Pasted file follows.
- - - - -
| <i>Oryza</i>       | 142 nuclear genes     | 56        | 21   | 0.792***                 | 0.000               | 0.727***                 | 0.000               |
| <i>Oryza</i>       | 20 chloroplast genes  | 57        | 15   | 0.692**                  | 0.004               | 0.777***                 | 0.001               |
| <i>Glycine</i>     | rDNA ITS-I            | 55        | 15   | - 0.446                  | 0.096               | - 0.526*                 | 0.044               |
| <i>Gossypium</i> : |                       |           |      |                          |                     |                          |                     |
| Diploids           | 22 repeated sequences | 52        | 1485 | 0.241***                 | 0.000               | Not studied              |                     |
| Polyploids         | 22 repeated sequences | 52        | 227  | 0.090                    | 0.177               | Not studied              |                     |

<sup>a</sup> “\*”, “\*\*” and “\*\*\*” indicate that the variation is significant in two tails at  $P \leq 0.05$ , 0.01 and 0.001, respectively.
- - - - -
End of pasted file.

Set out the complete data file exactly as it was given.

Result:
| <i>Oryza</i>       | 142 nuclear genes     | 56        | 21   | 0.792***                 | 0.000               | 0.727***                 | 0.000               |
| <i>Oryza</i>       | 20 chloroplast genes  | 57        | 15   | 0.692**                  | 0.004               | 0.777***                 | 0.001               |
| <i>Glycine</i>     | rDNA ITS-I            | 55        | 15   | - 0.446                  | 0.096               | - 0.526*                 | 0.044               |
| <i>Gossypium</i> : |                       |           |      |                          |                     |                          |                     |
| Diploids           | 22 repeated sequences | 52        | 1485 | 0.241***                 | 0.000               | Not studied              |                     |
| Polyploids         | 22 repeated sequences | 52        | 227  | 0.090                    | 0.177               | Not studied              |                     |

<sup>a</sup> “\*”, “\*\*” and “\*\*\*” indicate that the variation is significant in two tails at  $P \leq 0.05$ , 0.01 and 0.001, respectively.